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  #61  
Old 10-16-2018, 05:33 AM
packers stem packers stem is offline
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Quote:
Originally Posted by Sam Flynn View Post
Our source for the Bright's Disease reference is Major Henry "Reliable Memoirs" Smith, isn't it?
Not at all
"Right kidney pale , bloodless , with slight congestion of the base of the pyramids .
To quote the A-Z
"There is no dispute ,however , that N P Warren is correct in saying that this report does show clear signs of Brights Disease in the right kidney "

Quote:
See my post immediately above. If that's the press record you're referring to, Brown said nothing about examining the contents of the stomach, but that said contents had been preserved for analysis.
What is your interpretation of the words "as to that" following the line "I have not examined the stomach" ?
Altering the context of a sentence by omitting words doesn't help anybody
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  #62  
Old 10-16-2018, 05:36 AM
packers stem packers stem is offline
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Originally Posted by Debra A View Post
Nick, could it be because Eddowes was the only murder to be dealt with by the City Police and their divisional surgeon and various professionals? I have mentioned before the previous City analyst, Meymott Tidy, who was the author of Medical Jurisprudence texts and wrote chapters on how a crime scene should be dealt with in terms of taking sketches and describing the clothing of the victims and any corresponding wound and clothing weapon marks. They seemed to be pretty organised and efficient.

Or maybe Coroner MacDonald sparked something off when he wrote to the Star(?) on 4th October asking if Eddowes stomach had been analysed for poison?
Either are possible Debs
All sorts of possibilities with this really
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  #63  
Old 10-16-2018, 06:07 AM
Sam Flynn Sam Flynn is offline
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Originally Posted by packers stem View Post
Why would you think he would mean the stomach minus its contents as by this point he had already confirmed that he had removed the content from the stomach ?
I don't know. Perhaps it's possible to tell whether some poisons have been administered by the outward appearance of the stomach?

That aside, my observation about what that particular source said was accurate. He did not say "I have not examined the contents", but "I have not examined the stomach".
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  #64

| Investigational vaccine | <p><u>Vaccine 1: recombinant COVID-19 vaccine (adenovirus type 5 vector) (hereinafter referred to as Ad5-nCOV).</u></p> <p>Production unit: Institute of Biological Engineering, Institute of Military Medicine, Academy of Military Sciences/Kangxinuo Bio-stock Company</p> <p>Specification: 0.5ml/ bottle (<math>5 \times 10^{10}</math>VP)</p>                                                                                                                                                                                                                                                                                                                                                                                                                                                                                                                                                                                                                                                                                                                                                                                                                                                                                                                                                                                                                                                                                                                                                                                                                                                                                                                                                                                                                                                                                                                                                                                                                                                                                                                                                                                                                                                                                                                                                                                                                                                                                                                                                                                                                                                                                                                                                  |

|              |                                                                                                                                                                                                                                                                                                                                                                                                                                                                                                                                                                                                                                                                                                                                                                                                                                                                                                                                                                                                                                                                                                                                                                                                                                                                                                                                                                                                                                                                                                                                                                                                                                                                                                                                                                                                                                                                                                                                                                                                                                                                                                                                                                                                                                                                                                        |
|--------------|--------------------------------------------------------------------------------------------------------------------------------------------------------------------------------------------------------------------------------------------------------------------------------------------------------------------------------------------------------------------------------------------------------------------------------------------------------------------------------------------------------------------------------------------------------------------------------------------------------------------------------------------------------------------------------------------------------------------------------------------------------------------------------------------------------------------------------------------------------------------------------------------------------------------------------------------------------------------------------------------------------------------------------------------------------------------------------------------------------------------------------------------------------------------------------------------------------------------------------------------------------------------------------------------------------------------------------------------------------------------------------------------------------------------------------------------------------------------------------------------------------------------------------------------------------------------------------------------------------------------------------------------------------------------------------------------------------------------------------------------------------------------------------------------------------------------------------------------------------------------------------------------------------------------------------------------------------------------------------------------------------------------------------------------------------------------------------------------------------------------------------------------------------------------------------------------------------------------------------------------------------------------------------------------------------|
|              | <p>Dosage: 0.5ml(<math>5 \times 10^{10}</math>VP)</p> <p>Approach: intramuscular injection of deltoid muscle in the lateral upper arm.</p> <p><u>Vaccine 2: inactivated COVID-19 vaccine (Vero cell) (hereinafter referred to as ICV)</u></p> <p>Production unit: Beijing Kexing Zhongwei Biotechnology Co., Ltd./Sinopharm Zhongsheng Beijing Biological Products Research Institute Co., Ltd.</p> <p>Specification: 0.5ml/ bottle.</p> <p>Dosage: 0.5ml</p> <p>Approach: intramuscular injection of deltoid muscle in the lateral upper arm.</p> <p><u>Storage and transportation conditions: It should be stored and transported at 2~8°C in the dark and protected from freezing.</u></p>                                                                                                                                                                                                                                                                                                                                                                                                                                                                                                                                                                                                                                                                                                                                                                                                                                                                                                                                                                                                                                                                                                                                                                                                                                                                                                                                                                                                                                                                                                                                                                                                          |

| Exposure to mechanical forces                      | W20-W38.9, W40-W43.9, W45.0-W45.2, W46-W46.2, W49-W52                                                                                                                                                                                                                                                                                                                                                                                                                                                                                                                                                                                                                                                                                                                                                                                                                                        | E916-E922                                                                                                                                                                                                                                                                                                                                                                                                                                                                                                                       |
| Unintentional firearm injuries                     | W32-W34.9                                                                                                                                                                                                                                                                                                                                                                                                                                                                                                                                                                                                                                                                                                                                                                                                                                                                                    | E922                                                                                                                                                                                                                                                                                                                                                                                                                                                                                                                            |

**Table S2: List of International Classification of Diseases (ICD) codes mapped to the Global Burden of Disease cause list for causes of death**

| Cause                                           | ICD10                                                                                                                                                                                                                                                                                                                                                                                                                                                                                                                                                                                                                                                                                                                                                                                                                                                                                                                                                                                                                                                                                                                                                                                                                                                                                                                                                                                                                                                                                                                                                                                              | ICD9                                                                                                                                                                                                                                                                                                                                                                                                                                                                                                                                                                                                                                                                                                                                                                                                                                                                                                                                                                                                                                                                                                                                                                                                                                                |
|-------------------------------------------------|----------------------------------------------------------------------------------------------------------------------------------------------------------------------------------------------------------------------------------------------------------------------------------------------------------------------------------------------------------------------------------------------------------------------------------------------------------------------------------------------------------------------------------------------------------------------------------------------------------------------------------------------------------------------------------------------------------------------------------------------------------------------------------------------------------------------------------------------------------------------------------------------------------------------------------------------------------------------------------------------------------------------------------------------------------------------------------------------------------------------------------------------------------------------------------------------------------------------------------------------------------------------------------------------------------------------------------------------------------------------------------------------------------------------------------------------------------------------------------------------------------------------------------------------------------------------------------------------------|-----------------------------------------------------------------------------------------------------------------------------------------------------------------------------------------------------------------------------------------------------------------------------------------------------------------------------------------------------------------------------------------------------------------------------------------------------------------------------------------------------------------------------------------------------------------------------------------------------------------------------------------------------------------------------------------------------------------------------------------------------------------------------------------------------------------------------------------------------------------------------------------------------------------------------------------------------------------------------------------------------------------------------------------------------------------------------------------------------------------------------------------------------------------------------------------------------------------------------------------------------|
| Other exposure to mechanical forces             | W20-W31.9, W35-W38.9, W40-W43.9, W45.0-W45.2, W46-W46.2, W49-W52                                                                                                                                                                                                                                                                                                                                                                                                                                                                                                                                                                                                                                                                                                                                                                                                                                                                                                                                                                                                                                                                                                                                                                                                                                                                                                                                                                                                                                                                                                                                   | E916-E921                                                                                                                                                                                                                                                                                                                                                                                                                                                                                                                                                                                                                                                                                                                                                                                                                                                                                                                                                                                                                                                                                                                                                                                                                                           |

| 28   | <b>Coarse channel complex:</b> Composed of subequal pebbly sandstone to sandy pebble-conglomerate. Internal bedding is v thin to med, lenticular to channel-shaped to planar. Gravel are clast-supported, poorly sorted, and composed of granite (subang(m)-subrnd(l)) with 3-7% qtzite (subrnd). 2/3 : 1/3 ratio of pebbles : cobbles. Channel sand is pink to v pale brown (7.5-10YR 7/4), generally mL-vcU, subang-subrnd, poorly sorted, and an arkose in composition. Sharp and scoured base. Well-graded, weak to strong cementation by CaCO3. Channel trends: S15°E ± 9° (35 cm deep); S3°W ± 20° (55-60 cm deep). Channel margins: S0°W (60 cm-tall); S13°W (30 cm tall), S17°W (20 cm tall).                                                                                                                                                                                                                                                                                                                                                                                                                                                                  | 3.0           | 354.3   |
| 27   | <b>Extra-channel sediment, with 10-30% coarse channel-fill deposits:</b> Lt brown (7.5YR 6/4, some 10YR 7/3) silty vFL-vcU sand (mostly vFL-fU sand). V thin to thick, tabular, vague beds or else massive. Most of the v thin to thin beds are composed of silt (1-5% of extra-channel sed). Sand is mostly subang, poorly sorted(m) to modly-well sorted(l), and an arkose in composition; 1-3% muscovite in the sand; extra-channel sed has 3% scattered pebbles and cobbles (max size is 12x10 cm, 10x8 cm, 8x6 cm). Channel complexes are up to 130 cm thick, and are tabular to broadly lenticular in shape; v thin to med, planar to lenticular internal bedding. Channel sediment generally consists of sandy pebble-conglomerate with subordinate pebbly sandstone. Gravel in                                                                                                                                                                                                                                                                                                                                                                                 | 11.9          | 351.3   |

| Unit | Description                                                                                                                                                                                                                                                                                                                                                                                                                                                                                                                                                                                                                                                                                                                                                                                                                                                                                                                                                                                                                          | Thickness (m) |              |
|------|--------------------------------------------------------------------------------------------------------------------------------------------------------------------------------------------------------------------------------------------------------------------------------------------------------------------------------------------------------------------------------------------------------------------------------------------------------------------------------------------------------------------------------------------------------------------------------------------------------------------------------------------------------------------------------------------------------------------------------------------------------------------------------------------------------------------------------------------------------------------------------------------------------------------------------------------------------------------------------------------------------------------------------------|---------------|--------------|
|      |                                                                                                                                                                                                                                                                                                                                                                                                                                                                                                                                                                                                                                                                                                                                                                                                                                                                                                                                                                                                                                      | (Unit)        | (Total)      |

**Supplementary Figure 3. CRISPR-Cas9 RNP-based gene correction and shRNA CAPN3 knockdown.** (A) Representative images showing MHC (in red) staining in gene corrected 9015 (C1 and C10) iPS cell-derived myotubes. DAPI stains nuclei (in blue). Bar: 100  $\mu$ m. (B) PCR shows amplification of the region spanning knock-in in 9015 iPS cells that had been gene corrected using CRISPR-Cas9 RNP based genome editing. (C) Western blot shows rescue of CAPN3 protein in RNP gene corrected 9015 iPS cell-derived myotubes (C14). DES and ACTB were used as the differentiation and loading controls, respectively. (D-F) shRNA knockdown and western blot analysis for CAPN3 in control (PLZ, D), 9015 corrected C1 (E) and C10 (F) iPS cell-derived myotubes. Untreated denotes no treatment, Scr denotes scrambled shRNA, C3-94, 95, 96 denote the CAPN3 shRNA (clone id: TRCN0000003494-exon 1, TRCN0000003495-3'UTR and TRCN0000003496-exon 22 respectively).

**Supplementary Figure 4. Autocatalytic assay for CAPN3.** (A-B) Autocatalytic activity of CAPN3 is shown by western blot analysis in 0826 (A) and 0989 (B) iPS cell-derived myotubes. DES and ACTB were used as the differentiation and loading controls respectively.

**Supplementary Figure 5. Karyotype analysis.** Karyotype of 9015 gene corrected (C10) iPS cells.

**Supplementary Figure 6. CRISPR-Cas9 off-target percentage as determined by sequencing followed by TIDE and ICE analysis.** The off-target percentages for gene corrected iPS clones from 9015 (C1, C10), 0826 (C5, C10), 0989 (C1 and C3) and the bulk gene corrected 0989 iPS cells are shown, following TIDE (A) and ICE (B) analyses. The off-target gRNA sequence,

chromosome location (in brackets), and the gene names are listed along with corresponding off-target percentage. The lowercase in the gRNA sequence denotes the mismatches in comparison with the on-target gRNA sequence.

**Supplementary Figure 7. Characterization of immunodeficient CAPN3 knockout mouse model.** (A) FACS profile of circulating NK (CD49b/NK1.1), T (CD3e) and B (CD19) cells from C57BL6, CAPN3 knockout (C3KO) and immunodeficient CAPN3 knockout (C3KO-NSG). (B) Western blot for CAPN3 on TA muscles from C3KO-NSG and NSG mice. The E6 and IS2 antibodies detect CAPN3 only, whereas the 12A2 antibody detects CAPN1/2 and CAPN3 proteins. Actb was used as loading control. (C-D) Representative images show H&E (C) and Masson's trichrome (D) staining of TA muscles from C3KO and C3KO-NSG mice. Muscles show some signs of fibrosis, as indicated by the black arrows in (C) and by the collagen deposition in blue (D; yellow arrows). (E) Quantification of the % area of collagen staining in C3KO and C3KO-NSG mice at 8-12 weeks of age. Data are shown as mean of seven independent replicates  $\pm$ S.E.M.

Old 10-16-2018, 08:10 AM
packers stem packers stem is offline
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Originally Posted by Sam Flynn View Post

That aside, my observation about what that particular source said was accurate. He did not say "I have not examined the contents", but "I have not examined the stomach".
Not really Gareth as you keep leaving off the words "as to that" which are vital to the context of the sentence .
He hadn't examined the content in relation to narcotics .
At no point did he say he hadn't examined the content , quite the opposite , he confirmed that he had removed the content which seemed little in the way of food or fluid .
And personally I think the jurors' question caught him and the inquest off guard .
Sending the stomach and contents to Saunders the conclusion of an after thought
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  #65  
Old 10-16-2018, 04:49 PM
Wickerman Wickerman is offline
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Originally Posted by packers stem View Post
You know that that section was kept back from the public
He did however mention the contents of the stomach in response to the jury...
Ah, but just a second. We havn't finished with the last point you raised.
You said:
"So you're completely ignoring that he said he removed the content of the stomach ?"

When I replied, you then said:
"Unfortunately ,that falls down unless the press said abdomen .
They didn't"


But that reply was not true, was it.
The press do not even cover that portion of testimony.
So you have no examples to contest what I suggested.

Moving on...
Quote:
Juror: Was there any evidence of a drug having been used? - I have not examined the stomach as to that. The contents of the stomach have been preserved for analysis.
One of the points I endeavour to impress on posters is to not pick one press version that just happens to suit their theory. All the press versions need to be looked at because quite often the reporter will paraphrase testimony. So we can't be sure what a witness actually said.
A collective analysis of various press versions is more likely to provide a clearer picture of what the witness meant.

You have chosen the previous quote from the Daily Telegraph, and it suggests to you that Brown examined the stomach.

What does the Times say?
"By a juryman. - He did not think any drug was administered to the woman, judging from the breath; but he had not yet examined the contents of the stomach."

What does the Daily News say?
"By the Jury - I am going to examine the stomach on a future occasion to see if any drug had been administered."